digital imaging was the maturity its development
– resolution, integrated conservation safe lighting and
management – to concentrate on and answer these questions,
while also addressing the issues involved for this
technique to become accepted as a true non-invasive
non-destructive analytical tool with no risk to fragile
historic artifacts in the field of cultural conservation.
Hyperspectral imaging has the capacity to reveal information,
data and details not visible or accessible from
the historic artifact itself due to deterioration. This highlights
the necessary integration between materials science,
digital spectral imaging and the social implications
of retrieving lost information. This generation of new
information includes that created from advanced digital
image processing of the large volume of acquired data.
In conclusion, providing useful information to support
conservation research and scholarly studies requires the
effective integration and application of new technologies, work processes and technical skills to the field. The use
of multi- and now hyperspectral imaging as an effective
conservation tool has allowed the development of nondestructive
analytical tools that allow the safe analysis
and examination of texts and documents. This requires
the integrtion of a range of associated activities and processes:
imaging artifacts in a range of spectral bands,
capturing important metadata about the digital records,
storing the digital data and associated metadata, processing
the images and data to yield useful information, and
making the information available for researchers in the
humanities, conservation professionals and the public.
Future accomplishments in the creation of a new digital
object will be dependent on economic development
of integrated image information systems, continued advances
in image technology, and the effective integration
of data access, storage, management and interpretation.
This requires continuing innovation and collaborations
of imaging and preservation scientists, information technology
professionals, conservators and researchers in the
Casini, A, et al. Image Spectroscopy Mapping Technique
for Noninvasive Analysis of Paintings, Studies in Conservation
44 (1999) 39-48
Easton, R.L. Jr., Knox. K, Christens-Barry, W.A. Multispectral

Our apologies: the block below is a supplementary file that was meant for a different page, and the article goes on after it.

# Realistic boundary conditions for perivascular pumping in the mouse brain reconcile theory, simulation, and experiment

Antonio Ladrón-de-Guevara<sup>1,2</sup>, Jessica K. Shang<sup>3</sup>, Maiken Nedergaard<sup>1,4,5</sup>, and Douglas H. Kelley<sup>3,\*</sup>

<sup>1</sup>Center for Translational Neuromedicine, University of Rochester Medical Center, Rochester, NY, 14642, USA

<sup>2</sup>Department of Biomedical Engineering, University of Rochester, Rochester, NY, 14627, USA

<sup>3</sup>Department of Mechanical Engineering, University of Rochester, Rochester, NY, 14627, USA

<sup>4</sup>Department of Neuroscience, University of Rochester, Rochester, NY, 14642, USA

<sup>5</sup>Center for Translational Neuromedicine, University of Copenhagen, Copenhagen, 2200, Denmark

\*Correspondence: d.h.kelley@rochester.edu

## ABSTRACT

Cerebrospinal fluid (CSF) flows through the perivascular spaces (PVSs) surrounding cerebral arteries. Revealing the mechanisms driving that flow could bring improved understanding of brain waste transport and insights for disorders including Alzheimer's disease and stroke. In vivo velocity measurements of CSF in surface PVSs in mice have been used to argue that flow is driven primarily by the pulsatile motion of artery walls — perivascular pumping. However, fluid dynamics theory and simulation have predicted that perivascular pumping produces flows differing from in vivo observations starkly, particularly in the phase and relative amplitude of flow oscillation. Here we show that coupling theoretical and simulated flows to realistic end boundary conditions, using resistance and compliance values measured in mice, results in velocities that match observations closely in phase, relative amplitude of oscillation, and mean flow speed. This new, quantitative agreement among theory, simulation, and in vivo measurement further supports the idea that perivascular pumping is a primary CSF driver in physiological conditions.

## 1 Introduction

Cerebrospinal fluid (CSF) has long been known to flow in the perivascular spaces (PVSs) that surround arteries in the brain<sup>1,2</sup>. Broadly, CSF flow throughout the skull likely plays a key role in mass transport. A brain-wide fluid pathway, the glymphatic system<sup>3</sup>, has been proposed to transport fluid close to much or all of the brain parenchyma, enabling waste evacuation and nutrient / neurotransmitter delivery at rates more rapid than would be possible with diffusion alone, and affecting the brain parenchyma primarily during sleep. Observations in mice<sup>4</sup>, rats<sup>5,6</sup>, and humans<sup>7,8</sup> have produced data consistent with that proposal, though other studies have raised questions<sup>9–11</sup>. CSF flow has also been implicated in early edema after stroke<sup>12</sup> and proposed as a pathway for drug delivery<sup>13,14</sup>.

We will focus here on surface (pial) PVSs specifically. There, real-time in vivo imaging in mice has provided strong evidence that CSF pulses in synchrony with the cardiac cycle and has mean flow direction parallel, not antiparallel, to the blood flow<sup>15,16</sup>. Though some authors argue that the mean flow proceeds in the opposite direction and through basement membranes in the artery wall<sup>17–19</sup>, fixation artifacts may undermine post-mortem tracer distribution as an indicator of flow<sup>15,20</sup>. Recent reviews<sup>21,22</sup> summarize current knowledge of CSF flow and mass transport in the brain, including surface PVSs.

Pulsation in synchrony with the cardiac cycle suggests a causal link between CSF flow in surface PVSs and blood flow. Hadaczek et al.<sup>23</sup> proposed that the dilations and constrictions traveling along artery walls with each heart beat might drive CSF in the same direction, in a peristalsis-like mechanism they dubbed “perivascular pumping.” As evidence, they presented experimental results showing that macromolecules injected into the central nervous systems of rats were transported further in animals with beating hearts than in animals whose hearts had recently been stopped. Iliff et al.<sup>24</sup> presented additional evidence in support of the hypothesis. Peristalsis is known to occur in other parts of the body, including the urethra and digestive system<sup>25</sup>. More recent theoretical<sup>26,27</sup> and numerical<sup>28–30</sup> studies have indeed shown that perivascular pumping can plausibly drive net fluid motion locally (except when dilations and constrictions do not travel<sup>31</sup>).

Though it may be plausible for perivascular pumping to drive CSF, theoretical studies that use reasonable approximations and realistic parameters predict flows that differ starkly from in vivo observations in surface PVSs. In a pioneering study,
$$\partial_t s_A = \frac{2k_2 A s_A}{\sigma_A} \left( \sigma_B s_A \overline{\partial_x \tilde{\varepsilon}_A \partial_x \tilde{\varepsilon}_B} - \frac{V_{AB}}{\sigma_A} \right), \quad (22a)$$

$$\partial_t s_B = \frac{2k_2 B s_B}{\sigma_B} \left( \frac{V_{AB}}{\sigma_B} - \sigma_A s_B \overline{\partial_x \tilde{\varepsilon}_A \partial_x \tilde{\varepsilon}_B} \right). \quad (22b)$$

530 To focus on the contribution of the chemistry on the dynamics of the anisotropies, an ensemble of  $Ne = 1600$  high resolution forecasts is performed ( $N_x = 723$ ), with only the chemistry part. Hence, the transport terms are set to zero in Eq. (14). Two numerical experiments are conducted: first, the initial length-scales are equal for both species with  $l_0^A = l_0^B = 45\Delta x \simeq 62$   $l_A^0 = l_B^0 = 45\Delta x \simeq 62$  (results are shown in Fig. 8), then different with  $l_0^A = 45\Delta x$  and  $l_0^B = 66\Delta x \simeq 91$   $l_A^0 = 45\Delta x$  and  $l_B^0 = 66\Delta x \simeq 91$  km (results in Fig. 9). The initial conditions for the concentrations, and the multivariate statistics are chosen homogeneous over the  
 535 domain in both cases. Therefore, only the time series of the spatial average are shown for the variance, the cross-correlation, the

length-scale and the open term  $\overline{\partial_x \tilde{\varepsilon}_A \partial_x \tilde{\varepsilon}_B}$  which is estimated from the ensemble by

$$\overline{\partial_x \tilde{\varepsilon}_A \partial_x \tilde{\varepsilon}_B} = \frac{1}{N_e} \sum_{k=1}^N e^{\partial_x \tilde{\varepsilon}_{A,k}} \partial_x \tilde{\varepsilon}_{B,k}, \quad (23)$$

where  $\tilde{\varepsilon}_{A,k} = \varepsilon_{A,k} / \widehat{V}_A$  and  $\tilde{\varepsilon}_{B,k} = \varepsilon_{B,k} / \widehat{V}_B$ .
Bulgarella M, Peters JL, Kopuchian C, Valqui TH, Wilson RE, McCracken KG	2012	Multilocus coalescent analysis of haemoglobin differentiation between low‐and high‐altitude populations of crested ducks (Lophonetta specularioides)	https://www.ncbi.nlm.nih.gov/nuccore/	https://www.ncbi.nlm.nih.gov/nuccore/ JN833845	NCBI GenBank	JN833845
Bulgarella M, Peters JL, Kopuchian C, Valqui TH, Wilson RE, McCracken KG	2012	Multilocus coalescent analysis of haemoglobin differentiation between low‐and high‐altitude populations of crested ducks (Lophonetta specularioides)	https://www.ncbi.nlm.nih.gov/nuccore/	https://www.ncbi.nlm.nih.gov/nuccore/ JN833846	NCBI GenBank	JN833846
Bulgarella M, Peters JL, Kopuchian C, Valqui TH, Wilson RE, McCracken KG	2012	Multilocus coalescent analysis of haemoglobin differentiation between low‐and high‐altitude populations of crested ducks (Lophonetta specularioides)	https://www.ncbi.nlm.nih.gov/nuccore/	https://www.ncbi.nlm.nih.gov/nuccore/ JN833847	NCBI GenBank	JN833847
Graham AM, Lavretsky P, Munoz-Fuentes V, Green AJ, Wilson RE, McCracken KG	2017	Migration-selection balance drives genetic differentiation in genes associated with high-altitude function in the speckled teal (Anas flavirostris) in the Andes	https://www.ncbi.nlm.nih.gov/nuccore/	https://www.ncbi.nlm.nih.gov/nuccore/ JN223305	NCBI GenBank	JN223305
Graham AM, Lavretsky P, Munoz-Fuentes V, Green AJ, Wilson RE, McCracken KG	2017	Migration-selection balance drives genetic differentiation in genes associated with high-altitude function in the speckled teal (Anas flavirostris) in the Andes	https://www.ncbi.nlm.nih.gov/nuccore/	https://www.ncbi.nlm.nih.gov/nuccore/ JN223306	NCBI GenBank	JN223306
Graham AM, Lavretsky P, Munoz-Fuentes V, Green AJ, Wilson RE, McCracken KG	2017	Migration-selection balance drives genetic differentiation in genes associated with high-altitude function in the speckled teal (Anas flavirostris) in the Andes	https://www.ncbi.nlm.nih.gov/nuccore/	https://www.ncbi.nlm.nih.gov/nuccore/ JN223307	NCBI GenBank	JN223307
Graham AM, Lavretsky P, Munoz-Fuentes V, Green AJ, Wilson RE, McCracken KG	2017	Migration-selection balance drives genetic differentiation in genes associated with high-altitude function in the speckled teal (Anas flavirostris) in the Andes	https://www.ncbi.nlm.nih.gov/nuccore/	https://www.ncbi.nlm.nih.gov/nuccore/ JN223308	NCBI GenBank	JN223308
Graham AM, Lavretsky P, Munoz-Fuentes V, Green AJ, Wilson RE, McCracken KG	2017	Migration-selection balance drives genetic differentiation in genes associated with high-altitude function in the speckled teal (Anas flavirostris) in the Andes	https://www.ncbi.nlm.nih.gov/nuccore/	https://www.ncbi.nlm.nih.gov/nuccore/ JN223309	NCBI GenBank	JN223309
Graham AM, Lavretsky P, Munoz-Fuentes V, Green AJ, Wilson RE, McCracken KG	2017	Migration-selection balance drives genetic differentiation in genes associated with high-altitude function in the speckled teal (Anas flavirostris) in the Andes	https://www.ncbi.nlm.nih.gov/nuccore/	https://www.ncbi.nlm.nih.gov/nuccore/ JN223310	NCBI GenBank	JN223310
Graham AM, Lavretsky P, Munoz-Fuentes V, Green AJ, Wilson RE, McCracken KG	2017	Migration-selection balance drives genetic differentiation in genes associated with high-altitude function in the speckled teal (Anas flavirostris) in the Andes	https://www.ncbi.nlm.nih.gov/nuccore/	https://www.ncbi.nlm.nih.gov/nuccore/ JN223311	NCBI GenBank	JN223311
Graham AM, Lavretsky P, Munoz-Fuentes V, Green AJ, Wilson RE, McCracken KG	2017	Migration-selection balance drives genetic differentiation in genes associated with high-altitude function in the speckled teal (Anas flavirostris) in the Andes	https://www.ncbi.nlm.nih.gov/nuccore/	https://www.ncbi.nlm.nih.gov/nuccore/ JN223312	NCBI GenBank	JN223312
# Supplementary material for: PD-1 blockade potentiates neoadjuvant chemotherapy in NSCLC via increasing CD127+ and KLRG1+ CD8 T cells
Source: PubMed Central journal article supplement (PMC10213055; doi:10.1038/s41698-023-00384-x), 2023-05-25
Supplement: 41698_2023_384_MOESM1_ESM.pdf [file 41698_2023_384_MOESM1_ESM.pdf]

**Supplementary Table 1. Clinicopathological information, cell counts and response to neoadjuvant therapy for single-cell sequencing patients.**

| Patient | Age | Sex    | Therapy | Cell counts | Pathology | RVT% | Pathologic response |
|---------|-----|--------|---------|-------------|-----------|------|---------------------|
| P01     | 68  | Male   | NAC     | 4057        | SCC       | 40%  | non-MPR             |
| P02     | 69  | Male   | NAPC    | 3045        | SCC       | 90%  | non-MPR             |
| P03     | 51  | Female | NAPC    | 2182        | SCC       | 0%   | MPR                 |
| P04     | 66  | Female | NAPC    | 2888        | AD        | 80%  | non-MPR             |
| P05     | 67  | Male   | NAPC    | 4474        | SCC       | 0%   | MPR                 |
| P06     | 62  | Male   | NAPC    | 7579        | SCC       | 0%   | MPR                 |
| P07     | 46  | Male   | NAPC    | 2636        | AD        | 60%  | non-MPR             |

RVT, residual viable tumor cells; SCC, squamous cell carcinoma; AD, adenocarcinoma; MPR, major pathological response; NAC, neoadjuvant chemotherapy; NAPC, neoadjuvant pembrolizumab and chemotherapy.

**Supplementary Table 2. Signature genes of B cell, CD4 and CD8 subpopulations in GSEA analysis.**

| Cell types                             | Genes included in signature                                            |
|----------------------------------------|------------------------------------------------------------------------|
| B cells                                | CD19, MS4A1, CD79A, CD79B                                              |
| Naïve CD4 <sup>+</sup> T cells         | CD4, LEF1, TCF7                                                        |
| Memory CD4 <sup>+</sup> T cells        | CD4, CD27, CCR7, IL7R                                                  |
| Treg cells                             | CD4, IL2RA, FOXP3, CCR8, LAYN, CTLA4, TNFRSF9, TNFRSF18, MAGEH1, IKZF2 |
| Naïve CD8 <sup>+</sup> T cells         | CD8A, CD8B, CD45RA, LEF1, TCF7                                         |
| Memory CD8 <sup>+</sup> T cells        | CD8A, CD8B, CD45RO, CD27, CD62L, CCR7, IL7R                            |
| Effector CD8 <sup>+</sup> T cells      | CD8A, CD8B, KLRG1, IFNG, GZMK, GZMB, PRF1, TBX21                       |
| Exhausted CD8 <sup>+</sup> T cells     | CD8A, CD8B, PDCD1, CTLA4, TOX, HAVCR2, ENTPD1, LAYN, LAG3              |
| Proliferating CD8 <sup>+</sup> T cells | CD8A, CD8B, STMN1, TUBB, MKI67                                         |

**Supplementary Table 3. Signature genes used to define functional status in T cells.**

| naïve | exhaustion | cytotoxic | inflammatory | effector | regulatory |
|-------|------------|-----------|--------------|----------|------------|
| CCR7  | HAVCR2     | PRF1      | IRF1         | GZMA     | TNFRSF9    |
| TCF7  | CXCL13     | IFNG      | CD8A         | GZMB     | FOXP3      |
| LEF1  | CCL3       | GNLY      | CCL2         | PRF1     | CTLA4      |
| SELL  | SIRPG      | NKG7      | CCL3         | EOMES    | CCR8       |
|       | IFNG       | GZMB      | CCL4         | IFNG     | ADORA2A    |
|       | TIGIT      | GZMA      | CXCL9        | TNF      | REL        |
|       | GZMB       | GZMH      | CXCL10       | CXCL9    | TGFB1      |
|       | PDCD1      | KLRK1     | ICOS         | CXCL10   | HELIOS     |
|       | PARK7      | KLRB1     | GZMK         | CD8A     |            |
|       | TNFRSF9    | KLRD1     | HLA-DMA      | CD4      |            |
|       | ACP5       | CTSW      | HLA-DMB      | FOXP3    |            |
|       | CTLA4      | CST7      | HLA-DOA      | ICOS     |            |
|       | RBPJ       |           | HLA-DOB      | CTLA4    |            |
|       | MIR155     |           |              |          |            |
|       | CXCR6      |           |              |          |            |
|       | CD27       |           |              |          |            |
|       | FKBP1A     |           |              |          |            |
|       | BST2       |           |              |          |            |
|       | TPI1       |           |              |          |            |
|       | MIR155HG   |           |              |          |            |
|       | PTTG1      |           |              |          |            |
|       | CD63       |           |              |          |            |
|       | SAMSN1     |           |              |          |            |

imaging of the Archimedes palimpsest. In: Proceedings
of 32nd Applied Imagery Pattern Recognition
Workshop (IEEE-AIPR’03) (2003) 111–116
France, F.G. Managing digital image repositories as key
tools in the preservation of cultural objects, Imaging Science
and Technology Conference, Arlington, VA, 2007
France, F.G. and Toth, M.B. Developing cultural heritage
preservation databases based on Dublin Core data
elements, Dublin Core Conference, Manzanillo, Mexico,
October 2006
Grenacher, F. The Woodcut Map: A form-cutter of maps
wanders through Europe in the first quarter of the sixteenth
century, Imago Mundi, Vol 24 (1970) 31-41
Knox, K. “Enhancement of overwritten text in the Archimedes
Palimpsest,’’ in Computer Image Analysis in
the Study of Art, San Jose, California, Proc. SPIE, vol.
6810 (2007)
Knox, K.T. et al., “Image Restoration of Damaged or
Erased Manuscripts”, European Signal Processing Conference,
Lausanne (2008)
Knox, K. and Easton, R.L. Jr.: Recovery of lost writings
on historical manuscripts with ultraviolet illumination.
In: Fifth International Symposium on Multispectral Colour
Science (Part of PICS 2003 Conference), Rochester,
NY (2003) 301–306
Plaza, A, et al., Recent Advances in Techniques for Hyperspectral
Image Processing, Remote Sensing of Environment,
Elsevier Science, July 2007
Reedy, C. L. and Reedy, T. J. Relating visual and technological
style in Tibetan sculpture analysis, World Archaeology
25(3) (1994) 304-320
Toth, M.B. “Management of Digital Archives for Integrated
Web Access to Scientific and Cultural Information”,
Society for Imaging Science and Technology,
Archiving Conference, Arlington, Virginia, May 21-24
Toth, M.B., Emery, D. “Encoding Archimedes Work
with TEI to Complete a 10-Year Program”, Text Encoding
Initiative Annual Members Meeting, London (2008)
Walvoord, D, Easton, R. Jr., “Digital Transcription of
the Archimedes Palimpsest”, IEEE Signal Processing
Magazine p. 100-104, July (2008)

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Conference Info


ADHO - 2009

Hosted at University of Maryland, College Park

College Park, Maryland, United States

June 20, 2009 - June 25, 2009

176 works by 303 authors indexed

Series: ADHO (4)

Organizers: ADHO

  • Keywords: None
  • Language: English
  • Topics: None